Monday 16 November 2020

1,001 Films: "Signs & Wonders" (2000)

The thoroughly committed headscratcher
Signs & Wonders takes the same starting point as Darren Aronofsky's Pi and goes off in a different direction with it. To Athens, in fact, cradle of Western civilisation, where we find Stellan Skarsgård as an American commodities trader on the verge of a personal and marital breakdown. Married to Charlotte Rampling but carrying on an affair with secretary Deborah Kara Unger, he starts to see doubles, triples, recurring patterns everywhere he looks, an obsession that can only ever end up with him on his own. Co-writer/director Jonathan Nossiter goes out of his way to generate heightened levels of coincidence and suspicion with his mise-en-scène: it's one of those films where even the extras seem up to something. We can't help but notice the matching jackets and carrier bags in one marketplace scene, nor how a television commercial seen at the very edge of one frame seems to refer back to an anti-imperialist political speech placed front and centre earlier on. Even the music cues start to insinuate their way into one's head, there to go round and round like a tune you just can't place. Nossiter adds a further layer of tension by shooting his deliberately disjointed scenes surveillance camera-style, through windows and fences, peeping between gaps on shelves, lurking at the bottom of staircases.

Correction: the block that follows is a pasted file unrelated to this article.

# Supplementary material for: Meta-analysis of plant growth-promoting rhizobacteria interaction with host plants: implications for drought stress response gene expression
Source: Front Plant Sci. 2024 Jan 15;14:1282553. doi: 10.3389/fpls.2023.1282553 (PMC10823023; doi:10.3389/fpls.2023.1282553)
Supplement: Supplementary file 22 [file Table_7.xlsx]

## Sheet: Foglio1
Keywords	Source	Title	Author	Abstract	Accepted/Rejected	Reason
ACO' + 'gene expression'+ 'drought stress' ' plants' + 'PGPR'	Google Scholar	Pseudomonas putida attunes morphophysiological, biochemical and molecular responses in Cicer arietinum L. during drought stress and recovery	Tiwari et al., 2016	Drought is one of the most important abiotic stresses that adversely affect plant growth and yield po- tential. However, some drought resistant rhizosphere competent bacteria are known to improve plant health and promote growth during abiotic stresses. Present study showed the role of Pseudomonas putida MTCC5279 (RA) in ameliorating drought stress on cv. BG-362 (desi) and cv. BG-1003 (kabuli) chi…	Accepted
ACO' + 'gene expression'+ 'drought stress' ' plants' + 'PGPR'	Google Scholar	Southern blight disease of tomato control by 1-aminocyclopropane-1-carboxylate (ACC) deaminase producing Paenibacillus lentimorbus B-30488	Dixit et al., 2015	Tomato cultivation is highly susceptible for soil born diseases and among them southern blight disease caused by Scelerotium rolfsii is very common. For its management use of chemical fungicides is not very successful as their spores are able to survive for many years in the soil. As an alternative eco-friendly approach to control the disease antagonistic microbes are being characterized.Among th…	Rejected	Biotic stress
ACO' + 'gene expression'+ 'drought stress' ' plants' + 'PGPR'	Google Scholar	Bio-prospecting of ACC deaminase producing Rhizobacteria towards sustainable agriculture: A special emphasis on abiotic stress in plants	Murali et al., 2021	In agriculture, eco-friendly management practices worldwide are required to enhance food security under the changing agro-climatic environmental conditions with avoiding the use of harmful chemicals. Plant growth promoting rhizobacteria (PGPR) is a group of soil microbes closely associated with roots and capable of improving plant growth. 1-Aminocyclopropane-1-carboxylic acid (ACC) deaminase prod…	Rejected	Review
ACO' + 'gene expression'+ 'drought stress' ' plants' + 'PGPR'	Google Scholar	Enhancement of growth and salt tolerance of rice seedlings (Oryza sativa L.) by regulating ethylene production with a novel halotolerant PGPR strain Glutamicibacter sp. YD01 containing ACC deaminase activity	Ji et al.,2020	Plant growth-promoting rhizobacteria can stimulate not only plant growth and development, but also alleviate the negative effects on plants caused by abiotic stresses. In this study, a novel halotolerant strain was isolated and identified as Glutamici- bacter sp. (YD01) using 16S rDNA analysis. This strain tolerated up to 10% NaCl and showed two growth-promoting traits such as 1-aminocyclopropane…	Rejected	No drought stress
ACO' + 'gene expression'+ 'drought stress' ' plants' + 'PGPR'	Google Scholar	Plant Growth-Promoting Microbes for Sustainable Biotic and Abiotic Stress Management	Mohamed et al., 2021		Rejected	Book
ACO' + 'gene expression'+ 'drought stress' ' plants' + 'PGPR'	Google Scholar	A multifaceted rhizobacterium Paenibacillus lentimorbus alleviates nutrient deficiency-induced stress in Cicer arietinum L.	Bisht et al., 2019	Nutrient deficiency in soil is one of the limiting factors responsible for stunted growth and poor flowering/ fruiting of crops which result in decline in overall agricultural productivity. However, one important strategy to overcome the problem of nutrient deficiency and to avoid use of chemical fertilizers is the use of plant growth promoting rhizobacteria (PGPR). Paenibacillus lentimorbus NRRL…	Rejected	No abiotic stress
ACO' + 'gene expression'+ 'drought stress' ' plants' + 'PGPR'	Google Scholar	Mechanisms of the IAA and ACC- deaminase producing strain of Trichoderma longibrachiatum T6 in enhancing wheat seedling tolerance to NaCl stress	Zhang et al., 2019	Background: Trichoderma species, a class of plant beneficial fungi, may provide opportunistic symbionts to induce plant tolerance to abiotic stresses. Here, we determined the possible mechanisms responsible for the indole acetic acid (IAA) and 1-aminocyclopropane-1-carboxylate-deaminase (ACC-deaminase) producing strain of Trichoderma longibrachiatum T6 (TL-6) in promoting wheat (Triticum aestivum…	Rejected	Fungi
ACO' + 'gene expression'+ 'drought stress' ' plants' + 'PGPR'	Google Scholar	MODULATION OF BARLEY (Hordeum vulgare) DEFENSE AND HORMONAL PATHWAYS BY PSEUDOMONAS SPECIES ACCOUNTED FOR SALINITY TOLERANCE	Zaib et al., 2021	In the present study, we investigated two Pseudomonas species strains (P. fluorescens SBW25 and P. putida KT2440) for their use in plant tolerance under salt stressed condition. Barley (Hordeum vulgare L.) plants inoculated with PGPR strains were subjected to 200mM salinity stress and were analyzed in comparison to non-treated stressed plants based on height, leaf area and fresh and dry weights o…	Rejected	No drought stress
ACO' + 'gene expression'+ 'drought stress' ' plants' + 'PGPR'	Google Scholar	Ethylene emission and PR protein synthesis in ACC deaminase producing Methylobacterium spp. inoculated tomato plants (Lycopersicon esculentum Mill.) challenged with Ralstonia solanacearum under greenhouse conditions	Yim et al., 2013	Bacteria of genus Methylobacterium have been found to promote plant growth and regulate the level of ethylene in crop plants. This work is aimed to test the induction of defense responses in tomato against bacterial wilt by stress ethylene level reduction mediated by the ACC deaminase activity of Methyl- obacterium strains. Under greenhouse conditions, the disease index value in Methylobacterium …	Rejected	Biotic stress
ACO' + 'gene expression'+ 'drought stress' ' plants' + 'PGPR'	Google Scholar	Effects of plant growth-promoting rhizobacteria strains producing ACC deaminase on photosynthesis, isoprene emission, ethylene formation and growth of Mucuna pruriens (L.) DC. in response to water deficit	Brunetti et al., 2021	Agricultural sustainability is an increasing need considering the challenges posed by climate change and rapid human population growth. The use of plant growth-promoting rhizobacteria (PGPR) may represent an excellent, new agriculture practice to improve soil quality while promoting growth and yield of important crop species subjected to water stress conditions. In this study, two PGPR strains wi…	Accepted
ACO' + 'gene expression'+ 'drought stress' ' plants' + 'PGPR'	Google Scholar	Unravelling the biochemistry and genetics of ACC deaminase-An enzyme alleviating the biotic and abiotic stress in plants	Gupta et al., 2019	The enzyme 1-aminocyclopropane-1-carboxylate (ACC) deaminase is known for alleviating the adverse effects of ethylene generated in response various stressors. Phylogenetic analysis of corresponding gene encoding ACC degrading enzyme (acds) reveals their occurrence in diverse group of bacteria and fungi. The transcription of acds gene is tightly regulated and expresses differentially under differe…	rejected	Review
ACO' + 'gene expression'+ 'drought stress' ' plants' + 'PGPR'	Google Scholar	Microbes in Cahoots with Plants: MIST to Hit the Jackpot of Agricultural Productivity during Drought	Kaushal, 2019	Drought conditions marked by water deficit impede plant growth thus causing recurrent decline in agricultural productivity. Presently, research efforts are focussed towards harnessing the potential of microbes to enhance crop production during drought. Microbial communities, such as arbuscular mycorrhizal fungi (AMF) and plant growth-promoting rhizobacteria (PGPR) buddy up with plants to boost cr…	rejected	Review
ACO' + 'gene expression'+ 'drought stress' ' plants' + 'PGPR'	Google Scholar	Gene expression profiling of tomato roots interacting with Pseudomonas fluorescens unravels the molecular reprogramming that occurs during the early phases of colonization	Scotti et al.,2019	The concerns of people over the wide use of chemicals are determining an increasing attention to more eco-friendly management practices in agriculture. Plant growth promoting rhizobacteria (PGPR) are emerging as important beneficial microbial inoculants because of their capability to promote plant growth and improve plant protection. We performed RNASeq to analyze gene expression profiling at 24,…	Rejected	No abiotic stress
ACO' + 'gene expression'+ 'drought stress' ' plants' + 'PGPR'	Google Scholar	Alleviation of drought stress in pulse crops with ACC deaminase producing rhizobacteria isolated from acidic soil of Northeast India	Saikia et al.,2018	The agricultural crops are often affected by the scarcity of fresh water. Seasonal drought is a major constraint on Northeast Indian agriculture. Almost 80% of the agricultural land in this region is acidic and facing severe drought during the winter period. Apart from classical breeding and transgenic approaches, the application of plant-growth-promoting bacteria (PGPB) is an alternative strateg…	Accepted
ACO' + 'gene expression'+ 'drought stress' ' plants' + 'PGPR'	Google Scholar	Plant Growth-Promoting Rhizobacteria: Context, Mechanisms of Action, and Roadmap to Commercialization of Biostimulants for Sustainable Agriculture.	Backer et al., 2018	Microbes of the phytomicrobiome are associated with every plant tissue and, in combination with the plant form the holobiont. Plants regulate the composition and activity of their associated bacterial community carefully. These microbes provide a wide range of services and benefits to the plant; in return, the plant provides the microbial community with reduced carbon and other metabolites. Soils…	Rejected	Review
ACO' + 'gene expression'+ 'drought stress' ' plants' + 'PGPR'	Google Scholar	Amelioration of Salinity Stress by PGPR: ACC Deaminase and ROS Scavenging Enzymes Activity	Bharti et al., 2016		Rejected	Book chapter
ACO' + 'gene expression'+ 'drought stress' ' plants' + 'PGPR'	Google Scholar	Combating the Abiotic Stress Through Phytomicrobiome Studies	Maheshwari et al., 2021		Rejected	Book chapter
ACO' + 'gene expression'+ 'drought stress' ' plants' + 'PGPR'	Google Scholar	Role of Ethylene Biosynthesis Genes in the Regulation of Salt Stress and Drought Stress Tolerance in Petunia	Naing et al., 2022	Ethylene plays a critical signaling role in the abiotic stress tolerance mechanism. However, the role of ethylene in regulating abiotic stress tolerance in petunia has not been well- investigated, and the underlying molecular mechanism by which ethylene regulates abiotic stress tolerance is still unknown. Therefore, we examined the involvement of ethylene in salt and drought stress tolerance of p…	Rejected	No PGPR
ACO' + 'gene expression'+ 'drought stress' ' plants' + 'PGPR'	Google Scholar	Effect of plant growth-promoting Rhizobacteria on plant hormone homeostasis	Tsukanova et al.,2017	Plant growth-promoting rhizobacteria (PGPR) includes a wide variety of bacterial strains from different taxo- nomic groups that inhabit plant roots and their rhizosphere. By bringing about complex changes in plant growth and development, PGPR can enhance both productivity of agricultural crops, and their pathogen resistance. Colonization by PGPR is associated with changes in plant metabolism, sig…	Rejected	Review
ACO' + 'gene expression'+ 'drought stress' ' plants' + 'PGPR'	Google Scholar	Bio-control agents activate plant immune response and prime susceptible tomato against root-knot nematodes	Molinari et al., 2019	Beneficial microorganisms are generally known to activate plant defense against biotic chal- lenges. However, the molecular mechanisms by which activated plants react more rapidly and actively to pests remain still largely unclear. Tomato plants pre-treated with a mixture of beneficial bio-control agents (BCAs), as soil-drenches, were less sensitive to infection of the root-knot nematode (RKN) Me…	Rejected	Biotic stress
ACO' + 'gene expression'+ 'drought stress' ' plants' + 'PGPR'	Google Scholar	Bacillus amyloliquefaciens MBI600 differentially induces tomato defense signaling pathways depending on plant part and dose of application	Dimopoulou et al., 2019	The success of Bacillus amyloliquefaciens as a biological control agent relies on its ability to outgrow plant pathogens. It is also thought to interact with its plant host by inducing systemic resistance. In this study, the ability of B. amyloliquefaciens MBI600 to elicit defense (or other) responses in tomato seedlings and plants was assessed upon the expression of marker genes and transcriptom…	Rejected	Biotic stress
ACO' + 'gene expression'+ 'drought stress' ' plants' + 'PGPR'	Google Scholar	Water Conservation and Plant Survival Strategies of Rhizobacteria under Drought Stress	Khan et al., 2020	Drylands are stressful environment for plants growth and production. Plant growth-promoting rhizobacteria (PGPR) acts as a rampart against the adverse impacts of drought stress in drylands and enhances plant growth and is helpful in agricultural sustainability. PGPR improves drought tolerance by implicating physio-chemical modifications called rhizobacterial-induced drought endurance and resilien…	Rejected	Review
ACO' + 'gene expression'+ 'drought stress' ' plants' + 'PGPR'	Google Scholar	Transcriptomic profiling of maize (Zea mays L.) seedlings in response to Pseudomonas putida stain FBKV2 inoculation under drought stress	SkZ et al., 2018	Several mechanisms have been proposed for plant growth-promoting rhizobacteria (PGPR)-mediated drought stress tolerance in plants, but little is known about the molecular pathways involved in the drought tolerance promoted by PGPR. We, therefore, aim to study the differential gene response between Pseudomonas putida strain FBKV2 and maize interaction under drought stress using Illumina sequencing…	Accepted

It slowly dawns on us that what we're watching is not only the most formally controlled indie movie since Todd Haynes' [safe], but a brilliant riff on globalisation: an American writer-director goes to Greece with French money in search of something new and finds he still can't get away from the McDonald's and Pizza Hut signs that make up Signs and Wonders' backdrop through its first half. (Nossiter went on to make the feted documentary Mondovino, about the culture clash between French wine producers and their Californian equivalents.) Moral: everywhere you go, you begin to see the same strange sights. But this really is only the half of a heady, complex stew. There are references to Alice in Wonderland and Vertigo, and a penultimate-reel explosion appears to be referencing L'Appartement's referencing of Vertigo, making this - let's get it right - the cinema's first post-post-modern work. Meanwhile, Rampling is vacillating between two suitors who represent historical and market forces respectively, the one a Greek resistance hero, the other a man who doesn't speak a word of the native language, in his complacent belief that to speak American English is enough. (Skarsgård confirms his growing reputation as the movies' most compelling boor.) Both fascinated and disturbed by the chaos man has made of this world, this is every bit as much a "modern film" as Antonioni's films must have seemed in the mid-1960s: the work of a filmmaker who goes looking for meaning because the opposite - a world entirely without - is too ghastly a proposition to contemplate.

Signs & Wonders is currently unavailable on any format in the UK.

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